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Consensus lacking on ‘value’ for new anticancer drugs

Posted 08 December 2021 | By Mary Ellen Schneider 

Consensus lacking on ‘value’ for new anticancer drugs

The high price tag of new anticancer drugs has fueled debate about the value of these treatments, given the marginal clinical benefit of some newly approved treatments. But that debate is complicated by a lack of consensus around the definition of value and the different views of stakeholders in cancer care.
 
In a recent perspectives article in Nature Reviews, authors from the European Medicines Agency (EMA) and the Karolinska Institutet in Sweden explored the different approaches for determining an anticancer drug’s value among regulators, payers, patients, and clinicians. They also outlined the benefit-risk assessments used in drug approval decisions by the EMA and the US Food and Drug Administration (FDA).
 
“Rather than attempting to reconcile conflicting definitions and objectives, understanding all the different perspectives is important to ensure that they do not lead to marked inefficiencies, such as multiplication of trials and requirements that would lengthen and stifle the clinical development of promising new drugs,” Francesco Pignatti, of the Oncology and Hematology Office at the European Medicines Agency, wrote in Nature Reviews. The opinions expressed by the authors do not necessarily reflect the policies of their institutions.
 
The authors urged transparency about the objectives and values of each stakeholder to help in making judgements about the value of anticancer treatments.
 
Differing perspectives
Regulators typically assess benefits first and, if a clinically significant benefit exists, they evaluate whether the toxicity profiles appear to be acceptable for the patient, the authors explained. These judgements are typically made from a patient-centered approach, rather than a societal perspective. This approach has resulted in the approval of some drugs with “marginal therapeutic value.”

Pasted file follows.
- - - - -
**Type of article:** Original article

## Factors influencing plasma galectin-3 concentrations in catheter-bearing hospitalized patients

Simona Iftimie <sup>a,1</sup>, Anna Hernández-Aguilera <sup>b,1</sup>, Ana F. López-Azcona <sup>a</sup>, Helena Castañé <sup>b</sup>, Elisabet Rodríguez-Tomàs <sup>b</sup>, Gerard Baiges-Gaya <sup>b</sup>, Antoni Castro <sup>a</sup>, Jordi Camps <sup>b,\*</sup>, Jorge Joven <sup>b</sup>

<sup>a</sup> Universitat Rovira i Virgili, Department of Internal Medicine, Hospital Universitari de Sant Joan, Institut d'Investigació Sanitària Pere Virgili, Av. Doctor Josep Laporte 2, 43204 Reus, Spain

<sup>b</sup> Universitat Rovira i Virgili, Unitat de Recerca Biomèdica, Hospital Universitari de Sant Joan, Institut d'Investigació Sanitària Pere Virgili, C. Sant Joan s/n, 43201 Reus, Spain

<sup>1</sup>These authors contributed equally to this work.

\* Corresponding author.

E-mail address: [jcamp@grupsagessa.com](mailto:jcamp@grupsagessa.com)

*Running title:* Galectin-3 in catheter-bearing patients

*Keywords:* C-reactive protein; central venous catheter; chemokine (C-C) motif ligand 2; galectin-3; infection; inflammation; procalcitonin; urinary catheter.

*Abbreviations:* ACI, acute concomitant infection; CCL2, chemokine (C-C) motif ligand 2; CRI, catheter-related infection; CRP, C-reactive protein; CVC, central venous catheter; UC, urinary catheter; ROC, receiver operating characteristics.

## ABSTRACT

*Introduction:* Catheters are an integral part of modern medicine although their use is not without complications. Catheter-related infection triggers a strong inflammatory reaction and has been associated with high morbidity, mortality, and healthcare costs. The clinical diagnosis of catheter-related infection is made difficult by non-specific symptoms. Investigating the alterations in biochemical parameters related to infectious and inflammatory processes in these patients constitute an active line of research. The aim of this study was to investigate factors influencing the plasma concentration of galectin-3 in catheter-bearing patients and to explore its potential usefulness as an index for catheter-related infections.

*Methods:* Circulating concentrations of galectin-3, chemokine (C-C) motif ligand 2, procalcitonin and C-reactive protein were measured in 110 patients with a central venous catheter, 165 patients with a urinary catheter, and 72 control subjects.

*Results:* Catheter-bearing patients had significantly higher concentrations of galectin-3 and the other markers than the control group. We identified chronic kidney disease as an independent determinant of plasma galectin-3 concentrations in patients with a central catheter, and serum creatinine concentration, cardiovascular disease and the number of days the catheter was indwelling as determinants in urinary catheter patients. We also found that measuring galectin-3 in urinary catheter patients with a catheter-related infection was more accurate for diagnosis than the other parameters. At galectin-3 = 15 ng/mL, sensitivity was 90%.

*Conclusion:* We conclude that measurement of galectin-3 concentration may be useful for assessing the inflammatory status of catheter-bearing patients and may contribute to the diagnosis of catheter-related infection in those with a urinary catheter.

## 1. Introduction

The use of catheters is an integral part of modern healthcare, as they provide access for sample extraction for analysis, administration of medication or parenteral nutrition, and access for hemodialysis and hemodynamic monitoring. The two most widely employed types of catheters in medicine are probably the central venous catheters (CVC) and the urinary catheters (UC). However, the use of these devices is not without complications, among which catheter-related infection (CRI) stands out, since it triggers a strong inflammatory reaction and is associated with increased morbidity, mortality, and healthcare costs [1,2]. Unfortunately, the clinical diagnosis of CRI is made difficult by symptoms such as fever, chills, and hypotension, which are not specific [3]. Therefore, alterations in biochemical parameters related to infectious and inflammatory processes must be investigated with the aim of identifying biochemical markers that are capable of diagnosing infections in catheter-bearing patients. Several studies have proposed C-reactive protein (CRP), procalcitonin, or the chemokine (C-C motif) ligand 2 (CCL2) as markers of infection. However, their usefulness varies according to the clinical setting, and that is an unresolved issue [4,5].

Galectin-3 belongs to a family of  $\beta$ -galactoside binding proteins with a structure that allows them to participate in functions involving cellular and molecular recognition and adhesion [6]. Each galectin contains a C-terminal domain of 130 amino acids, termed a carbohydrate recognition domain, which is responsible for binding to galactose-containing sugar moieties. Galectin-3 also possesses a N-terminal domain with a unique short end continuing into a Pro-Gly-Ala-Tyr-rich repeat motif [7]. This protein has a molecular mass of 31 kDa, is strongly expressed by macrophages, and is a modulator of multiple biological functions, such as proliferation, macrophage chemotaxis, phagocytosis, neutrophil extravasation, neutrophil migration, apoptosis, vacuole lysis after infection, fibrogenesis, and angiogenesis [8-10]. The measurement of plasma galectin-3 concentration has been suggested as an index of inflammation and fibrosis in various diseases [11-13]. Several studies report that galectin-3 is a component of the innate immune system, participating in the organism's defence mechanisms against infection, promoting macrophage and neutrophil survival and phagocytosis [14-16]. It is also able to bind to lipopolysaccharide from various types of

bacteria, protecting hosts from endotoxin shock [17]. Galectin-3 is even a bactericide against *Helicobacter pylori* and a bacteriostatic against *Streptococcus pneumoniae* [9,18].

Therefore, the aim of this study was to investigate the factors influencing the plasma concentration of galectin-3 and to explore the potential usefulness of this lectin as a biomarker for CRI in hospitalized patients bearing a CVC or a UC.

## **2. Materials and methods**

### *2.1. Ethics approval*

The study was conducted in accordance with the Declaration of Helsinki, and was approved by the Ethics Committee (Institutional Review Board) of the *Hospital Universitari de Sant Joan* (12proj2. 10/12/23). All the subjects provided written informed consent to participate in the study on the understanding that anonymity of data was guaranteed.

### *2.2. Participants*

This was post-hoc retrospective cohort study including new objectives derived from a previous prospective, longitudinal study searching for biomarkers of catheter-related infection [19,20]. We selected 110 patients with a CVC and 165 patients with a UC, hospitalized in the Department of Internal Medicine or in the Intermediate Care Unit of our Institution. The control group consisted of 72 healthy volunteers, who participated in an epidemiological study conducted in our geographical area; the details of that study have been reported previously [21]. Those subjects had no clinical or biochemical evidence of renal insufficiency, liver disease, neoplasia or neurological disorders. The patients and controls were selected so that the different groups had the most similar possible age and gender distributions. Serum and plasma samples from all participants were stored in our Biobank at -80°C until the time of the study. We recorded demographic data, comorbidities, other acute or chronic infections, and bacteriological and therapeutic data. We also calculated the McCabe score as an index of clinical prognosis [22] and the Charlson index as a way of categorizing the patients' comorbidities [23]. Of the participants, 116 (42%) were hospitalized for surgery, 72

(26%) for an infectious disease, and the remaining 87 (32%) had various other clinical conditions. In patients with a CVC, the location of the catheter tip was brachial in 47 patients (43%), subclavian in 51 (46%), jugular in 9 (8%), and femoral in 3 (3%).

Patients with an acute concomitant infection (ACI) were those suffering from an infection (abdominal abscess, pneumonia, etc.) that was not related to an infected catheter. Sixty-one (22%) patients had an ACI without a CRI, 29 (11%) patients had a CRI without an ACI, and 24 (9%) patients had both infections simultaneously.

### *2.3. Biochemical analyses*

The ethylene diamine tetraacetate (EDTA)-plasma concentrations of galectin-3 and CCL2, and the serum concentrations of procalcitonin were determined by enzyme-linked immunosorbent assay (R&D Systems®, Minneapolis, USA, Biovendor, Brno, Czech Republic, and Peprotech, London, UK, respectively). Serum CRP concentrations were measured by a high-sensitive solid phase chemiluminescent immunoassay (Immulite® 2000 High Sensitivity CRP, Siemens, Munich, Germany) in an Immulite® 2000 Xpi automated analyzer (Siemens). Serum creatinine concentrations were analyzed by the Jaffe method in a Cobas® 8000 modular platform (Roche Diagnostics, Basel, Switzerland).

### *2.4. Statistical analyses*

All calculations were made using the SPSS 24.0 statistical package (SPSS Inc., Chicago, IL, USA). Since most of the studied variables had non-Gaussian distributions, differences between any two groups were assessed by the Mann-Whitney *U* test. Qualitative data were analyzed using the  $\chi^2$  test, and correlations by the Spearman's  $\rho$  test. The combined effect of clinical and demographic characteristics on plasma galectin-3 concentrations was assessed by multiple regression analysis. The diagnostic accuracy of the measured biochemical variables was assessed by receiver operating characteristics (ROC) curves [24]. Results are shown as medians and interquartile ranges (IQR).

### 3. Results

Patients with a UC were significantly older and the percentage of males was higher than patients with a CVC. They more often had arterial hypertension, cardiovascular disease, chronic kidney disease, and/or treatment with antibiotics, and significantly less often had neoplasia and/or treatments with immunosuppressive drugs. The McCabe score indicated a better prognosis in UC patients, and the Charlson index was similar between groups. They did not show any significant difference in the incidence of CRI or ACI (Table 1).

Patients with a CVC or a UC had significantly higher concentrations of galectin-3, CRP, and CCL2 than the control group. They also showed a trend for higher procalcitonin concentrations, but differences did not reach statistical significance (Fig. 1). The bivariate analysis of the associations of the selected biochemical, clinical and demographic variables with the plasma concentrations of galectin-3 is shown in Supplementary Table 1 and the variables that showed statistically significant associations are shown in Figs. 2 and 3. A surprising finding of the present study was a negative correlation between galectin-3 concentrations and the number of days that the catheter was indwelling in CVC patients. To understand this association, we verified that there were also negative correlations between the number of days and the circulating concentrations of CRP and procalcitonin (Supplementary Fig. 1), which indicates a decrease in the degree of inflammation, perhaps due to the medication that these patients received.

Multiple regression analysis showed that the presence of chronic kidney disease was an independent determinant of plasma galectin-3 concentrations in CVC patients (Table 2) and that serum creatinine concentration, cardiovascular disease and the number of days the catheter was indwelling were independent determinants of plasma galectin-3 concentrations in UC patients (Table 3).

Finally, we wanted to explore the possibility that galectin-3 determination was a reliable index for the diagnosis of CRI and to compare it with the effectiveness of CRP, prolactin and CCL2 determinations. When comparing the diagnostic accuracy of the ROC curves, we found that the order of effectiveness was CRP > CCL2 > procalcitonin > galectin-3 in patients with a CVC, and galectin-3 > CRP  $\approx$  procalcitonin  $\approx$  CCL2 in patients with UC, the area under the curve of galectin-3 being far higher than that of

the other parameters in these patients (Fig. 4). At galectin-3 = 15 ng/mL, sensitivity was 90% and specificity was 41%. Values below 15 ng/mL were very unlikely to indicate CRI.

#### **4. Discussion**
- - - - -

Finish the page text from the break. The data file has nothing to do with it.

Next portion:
“These approvals have been criticized for cluttering the market with expensive interventions, fostering misinformation, raising false hopes, putting unnecessary strains on health-care budgets, providing disincentives to innovation, slowing drug development by depleting precious resources and preventing patients from enrolling in clinical trials of interventions that might be perceived as more valuable,” Pignatti and colleagues wrote.
 
Regulators in both the EU and the US do not consider cost when evaluating whether to approve new drugs. Payers, on the other hand, take a different approach. In the EU, evaluations of relative effectiveness or cost effectiveness are carried out by member states’ health technology assessment (HTA) agencies and pricing bodies. The United Kingdom’s National Institute for Health and Care Excellence (NICE), for instance, uses cost per quality adjusted life year (QALY) to evaluate new drugs. Several anticancer drugs have fallen short of the predefined cost-per-QALY threshold, drawing criticism from clinicians and patients.
 
From the clinician perspective, groups like the European Society for Medical Oncology (ESMO) and the American Society of Clinical Oncology (ASCO) have developed scales aimed at rating the clinical benefit of new anticancer drugs, with the aim of weeding out drugs without meaningful clinical benefit. But these scales have drawbacks that limit their potential use by regulators, the authors noted. For instance, ESMO’s scale relies on evidence from pivotal clinical trials rather than data from clinical practice and post-approval studies. The ratings are also based on expert views rather than patient-report outcomes. Additionally, clinician scales typically measure the benefits added by individual treatments relative to existing drugs, rather than looking at benefits compared with placebo.
 
Patients approach the debate with a different perspective since even treatments that offer low clinical benefits overall may have a small group of responders who benefit greatly. For instance, with the metastatic melanoma drug ipilimumab, only about 20% of patients have durable responses but survival data suggests that the drug can be a cure for some percentage of those patients. However, unless researchers can prospectively identify which patients will respond to a drug, “Determining the preferred treatment will be a matter of individual circumstances and risk attitudes, even when the probability of benefits is low relative to the likelihood of harms,” the authors wrote.
 
Transparency key for regulators
While the various cancer care stakeholders come to the debate with different perspectives, there is an opportunity for regulators to help everyone, the authors wrote, by communicating complete information on all relevant drug outcomes.
 
EU regulators currently use a standardized format to report outcomes from pivotal clinical trials and a structured approach for communicating benefits and harms. Additionally, the EMA has established a policy of publishing documentation about clinical trials submitted by applicant companies.
 
The authors also suggested that regulators and HTA bodies could work together to define the evidence that should be collected before and after a drug approval, such as post-approval data from disease registries or data sharing initiatives, or even studies to identify biomarkers that would aid in patient selection.
 
The value of anticancer drugs – a regulatory view

 

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